I am as passionate about helping students today as I was when I first began working with them 20 years ago (that’s been over half of my life!). One of the reasons I love working with teens is that they are willing to embrace something new, they’re open to radical changes and their hearts can be set aflame for God and His Word. I see it here at the camp every week of the summer as hundreds of campers in 4th-12th grade make life-changing decisions that set a different course for their lives.

 

Today, I am praying that the next tragic child headliner is going to be changed because a heart will be altered. I am praying that someone living the Overboard Life will show love to a child who has never experienced unconditional care, and a heart bent on evil will be eternally changed by the grace and glory of the Gospel. I am praying that we will — not go back to some other era of perceived civility — move forward into an era of radical life change brought on by a relationship with Jesus Christ.

 

I’m taking the plunge today, because the world will be better when we boldly live Overboard. Will you join me?

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6 Responses to Two 12-year-old [almost] murderers

  1. kendrabarkes says:

    Perfect timing for me to read this as I have been praying a lot this week for a boy that has been bullying my oldest, Josiah at his middle school. He has said and done some very horrible things to Josiah and after meeting with all 3 specialists from the school we find out this boy is doing this to many other kids as well. Of course my first reaction is to be angry and over protective of my son. However God has been asking me to pray for this boy and how much pain he must have in his own life to be lashing out so much at others. Please pray for me as well that I will know what we as a family can do for this boy and how to help Josiah grow closer to God through this experience. Thanks Joe:)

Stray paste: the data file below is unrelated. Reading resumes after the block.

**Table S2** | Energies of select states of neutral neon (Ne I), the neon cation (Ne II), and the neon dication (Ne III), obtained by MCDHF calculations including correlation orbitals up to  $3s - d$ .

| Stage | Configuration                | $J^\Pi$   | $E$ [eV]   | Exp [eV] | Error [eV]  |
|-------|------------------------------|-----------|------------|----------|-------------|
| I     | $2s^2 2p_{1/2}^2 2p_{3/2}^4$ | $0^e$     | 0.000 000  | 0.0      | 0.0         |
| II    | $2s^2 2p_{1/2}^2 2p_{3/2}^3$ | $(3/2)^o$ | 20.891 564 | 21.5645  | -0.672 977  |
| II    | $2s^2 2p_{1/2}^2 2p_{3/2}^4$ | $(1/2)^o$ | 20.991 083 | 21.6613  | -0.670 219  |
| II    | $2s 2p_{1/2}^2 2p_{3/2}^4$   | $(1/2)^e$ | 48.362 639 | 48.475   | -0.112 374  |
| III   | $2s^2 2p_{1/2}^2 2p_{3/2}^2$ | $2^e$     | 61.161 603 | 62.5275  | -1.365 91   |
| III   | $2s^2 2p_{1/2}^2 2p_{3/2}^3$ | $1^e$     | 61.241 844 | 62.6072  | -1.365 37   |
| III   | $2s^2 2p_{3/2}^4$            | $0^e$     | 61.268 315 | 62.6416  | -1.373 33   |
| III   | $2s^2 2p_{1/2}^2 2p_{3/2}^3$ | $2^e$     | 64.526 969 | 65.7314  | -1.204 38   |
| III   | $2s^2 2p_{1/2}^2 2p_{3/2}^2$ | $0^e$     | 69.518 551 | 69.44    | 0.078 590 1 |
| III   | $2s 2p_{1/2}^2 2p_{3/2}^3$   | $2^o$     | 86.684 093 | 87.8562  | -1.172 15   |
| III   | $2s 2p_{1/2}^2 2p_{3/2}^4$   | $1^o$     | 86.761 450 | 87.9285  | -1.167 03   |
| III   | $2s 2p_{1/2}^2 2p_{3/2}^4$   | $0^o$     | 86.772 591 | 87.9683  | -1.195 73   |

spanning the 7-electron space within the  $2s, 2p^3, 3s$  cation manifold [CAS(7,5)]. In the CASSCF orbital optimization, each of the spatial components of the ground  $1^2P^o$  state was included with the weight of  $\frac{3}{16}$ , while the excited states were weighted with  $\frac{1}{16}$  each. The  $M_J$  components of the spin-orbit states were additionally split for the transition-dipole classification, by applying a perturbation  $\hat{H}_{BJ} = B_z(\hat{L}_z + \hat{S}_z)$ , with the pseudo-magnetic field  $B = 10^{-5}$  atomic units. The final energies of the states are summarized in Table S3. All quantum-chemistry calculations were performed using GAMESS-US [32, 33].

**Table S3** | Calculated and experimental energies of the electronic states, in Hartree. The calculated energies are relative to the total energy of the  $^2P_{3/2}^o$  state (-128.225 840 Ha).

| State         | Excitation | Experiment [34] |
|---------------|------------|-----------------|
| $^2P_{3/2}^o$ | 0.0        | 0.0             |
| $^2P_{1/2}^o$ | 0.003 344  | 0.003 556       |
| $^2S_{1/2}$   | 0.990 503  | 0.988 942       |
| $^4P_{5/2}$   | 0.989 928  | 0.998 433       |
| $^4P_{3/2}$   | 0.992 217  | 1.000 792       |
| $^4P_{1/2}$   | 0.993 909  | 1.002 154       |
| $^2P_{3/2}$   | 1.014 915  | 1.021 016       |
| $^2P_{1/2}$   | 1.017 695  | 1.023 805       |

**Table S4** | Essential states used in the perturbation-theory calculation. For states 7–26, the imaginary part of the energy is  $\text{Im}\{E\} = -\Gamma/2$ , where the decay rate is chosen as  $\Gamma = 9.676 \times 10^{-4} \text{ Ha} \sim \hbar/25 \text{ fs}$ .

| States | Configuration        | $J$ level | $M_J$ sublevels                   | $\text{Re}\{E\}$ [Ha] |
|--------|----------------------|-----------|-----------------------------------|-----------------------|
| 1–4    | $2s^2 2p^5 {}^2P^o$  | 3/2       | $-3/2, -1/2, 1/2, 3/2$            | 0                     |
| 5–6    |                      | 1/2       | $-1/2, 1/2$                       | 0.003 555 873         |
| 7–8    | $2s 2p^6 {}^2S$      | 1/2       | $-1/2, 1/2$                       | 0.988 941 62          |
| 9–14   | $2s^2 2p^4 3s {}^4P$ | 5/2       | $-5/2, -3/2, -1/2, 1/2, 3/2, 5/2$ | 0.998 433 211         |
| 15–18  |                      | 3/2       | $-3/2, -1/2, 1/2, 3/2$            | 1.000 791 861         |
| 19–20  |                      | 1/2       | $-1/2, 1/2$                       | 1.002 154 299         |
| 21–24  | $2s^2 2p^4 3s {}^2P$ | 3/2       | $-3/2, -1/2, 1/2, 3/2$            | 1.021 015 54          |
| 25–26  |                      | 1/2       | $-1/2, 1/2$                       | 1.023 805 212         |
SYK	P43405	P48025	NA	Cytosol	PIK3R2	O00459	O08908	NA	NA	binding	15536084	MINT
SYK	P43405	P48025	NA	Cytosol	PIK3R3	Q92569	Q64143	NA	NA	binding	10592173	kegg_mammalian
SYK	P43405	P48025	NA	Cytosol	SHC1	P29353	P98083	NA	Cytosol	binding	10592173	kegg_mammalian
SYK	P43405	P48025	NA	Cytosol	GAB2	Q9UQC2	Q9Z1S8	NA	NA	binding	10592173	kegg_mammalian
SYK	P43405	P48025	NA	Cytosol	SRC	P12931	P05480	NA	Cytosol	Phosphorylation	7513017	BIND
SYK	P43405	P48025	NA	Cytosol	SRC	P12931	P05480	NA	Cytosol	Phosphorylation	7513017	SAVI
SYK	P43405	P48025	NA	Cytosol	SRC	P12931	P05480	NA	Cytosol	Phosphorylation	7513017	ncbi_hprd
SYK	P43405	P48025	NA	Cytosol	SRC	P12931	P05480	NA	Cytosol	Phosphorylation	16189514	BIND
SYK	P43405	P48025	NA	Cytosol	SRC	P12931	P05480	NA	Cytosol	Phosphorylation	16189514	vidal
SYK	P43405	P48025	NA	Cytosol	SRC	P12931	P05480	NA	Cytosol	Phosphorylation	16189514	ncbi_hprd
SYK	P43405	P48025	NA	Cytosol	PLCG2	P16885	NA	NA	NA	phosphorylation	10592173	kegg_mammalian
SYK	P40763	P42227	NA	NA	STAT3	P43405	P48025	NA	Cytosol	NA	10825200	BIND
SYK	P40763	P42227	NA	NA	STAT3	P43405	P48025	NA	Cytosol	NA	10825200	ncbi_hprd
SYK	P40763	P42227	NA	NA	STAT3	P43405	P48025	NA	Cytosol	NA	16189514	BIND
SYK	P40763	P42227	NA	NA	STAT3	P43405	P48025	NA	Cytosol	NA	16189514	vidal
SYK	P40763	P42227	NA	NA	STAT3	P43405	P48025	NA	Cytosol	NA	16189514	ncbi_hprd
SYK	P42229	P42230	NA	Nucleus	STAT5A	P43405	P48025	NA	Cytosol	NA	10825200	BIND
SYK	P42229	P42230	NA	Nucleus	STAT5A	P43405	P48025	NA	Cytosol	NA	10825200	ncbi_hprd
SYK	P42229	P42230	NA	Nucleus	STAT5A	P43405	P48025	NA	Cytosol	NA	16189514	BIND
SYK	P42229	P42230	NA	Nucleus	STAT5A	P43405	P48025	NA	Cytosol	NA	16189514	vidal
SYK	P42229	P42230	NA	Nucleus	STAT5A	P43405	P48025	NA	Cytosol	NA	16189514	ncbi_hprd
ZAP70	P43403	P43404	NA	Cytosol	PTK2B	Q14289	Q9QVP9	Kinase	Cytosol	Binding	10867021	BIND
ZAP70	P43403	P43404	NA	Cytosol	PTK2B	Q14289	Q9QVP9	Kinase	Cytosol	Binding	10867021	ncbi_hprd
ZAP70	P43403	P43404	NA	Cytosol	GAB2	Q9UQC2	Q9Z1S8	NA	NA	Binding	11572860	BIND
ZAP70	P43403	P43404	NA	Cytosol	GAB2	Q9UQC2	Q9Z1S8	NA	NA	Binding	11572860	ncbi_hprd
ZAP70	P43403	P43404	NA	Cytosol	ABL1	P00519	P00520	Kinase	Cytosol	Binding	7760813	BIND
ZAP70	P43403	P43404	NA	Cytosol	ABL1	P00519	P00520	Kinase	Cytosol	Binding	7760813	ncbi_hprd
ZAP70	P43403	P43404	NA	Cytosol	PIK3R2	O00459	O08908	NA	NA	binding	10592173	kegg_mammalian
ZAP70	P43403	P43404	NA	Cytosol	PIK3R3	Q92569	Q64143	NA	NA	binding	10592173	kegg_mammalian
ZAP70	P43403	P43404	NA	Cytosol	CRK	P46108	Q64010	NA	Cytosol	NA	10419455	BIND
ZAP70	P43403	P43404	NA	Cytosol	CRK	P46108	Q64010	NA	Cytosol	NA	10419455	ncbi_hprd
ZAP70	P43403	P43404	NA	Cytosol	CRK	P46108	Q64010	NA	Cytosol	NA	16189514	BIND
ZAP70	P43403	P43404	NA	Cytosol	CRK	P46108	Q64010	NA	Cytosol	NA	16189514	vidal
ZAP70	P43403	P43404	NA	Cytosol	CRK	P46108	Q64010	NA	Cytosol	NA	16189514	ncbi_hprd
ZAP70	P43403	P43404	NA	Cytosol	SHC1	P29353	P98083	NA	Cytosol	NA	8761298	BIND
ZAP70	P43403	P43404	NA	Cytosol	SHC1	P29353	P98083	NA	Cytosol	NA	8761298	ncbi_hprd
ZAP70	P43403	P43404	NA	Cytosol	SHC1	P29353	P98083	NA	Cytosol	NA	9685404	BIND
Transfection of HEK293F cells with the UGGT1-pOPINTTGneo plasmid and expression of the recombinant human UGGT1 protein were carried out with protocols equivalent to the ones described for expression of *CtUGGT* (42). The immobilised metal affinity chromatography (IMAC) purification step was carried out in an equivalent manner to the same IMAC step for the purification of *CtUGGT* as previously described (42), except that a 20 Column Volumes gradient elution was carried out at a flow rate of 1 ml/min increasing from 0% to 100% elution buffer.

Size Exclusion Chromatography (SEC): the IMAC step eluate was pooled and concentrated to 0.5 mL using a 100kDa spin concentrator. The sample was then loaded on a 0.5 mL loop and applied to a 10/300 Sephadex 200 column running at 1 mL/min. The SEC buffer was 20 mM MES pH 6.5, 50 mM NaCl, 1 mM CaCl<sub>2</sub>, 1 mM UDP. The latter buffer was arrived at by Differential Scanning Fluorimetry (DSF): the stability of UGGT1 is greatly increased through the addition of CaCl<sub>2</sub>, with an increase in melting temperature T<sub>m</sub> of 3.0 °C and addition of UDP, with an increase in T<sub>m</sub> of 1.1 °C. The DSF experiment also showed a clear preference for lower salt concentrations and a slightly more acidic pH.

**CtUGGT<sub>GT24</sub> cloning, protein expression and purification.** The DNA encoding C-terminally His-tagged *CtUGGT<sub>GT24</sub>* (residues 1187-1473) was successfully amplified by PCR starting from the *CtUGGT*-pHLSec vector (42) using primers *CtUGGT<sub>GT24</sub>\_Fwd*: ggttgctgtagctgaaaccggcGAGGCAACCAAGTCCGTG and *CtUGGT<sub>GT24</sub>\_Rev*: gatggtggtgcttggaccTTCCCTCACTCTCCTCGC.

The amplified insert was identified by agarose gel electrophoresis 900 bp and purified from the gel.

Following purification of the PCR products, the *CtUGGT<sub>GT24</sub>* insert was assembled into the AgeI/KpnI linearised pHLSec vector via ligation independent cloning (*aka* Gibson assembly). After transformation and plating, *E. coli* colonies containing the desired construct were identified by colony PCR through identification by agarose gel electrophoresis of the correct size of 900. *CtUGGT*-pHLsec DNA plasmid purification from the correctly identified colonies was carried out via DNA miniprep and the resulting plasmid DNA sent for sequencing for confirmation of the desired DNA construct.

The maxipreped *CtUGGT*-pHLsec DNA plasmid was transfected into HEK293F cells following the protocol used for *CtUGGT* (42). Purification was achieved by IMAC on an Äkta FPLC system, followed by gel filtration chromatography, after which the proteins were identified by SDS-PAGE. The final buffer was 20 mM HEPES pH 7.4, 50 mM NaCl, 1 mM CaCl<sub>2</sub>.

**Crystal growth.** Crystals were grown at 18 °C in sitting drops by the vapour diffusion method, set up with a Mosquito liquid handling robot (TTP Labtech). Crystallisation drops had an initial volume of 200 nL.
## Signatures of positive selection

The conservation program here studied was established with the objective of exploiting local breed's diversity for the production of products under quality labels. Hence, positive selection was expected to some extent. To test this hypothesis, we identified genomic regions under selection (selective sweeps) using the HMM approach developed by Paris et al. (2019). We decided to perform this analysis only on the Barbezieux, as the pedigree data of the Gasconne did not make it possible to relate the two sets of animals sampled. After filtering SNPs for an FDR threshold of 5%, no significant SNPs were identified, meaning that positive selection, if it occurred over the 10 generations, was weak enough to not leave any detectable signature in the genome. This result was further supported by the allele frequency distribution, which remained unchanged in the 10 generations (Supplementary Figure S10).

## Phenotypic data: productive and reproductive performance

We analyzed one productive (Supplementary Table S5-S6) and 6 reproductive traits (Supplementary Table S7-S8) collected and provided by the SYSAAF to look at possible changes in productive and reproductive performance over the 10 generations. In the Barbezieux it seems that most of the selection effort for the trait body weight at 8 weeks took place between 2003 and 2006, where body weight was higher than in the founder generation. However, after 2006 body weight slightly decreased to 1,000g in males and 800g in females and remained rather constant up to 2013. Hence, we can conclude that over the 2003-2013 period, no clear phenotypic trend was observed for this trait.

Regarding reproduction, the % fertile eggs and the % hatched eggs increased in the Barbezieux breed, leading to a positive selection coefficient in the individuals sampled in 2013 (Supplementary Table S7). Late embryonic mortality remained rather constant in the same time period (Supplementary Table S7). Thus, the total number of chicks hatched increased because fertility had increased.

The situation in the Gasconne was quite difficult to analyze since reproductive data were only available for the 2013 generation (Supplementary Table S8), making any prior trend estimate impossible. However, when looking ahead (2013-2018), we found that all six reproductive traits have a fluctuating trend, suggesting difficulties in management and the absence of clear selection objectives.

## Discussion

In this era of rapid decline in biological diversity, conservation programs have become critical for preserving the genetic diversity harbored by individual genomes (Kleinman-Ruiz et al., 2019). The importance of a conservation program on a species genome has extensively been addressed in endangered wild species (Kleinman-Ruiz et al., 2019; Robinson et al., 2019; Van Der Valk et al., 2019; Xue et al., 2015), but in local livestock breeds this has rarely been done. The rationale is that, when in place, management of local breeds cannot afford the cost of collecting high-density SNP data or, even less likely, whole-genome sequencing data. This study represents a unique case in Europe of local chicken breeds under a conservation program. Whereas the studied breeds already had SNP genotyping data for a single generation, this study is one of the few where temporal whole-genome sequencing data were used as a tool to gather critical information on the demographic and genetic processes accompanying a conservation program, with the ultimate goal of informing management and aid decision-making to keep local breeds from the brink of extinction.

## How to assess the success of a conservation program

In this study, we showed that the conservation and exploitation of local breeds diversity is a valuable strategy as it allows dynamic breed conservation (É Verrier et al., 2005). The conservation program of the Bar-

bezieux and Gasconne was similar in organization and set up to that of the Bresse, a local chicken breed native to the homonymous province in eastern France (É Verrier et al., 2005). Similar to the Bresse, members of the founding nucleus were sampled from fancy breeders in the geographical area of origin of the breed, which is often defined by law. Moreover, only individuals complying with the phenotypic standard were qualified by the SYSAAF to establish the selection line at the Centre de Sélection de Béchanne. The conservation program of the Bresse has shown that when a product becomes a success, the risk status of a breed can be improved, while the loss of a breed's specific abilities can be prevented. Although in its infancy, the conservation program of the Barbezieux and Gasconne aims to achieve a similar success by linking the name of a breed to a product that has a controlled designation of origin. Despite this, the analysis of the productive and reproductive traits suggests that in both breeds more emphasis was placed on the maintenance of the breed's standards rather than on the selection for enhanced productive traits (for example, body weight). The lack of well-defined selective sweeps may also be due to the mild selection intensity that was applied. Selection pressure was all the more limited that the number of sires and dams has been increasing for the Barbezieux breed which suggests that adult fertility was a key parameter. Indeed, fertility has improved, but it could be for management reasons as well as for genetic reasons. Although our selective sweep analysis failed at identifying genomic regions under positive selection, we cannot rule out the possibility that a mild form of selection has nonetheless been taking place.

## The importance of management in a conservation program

• joeacast says:

      Thank Kendra for that thought and for your transparency. It is hard to remember that this other child must be reflecting some sort of hurt in his own life. Whether it’s neglect, abandonment, outright abuse or some other form of pain, he is expressing his own hurt through his actions. That doesn’t make his behavior acceptable, nor does it make less painful to your son. But I admire your commitment to pray for him and I will pray for you and JB (and Chad!) as you all navigate this. Thanks for sharing your heart.

  2. Andy Hartfield says:

    I like the line, “I prayed the impossible dream…” I often find myself stopping short of praying the ‘impossible dreams’ because, to be frank, I don’t believe they can happen. Good challenge, my friend.

    • joeacast says:

      Me too, Andy. I’ve stopped short a prayer or two because I felt even foolish asking for the impossible. I’m trying to stay Overboard in my prayer life.

  3. Beth says:

    Thanks, Joe! What a great reminder that having good kids isn’t the goal of parenting, but having kids who live authentic lives. Changing behavior to change the heart will never work. The only one who can change the heart is God! 🙂 But that means, as adults, we can’t play that game either. We need to allow God to heal our hearts and live out of that, we also need our actions to flow out of a changed heart.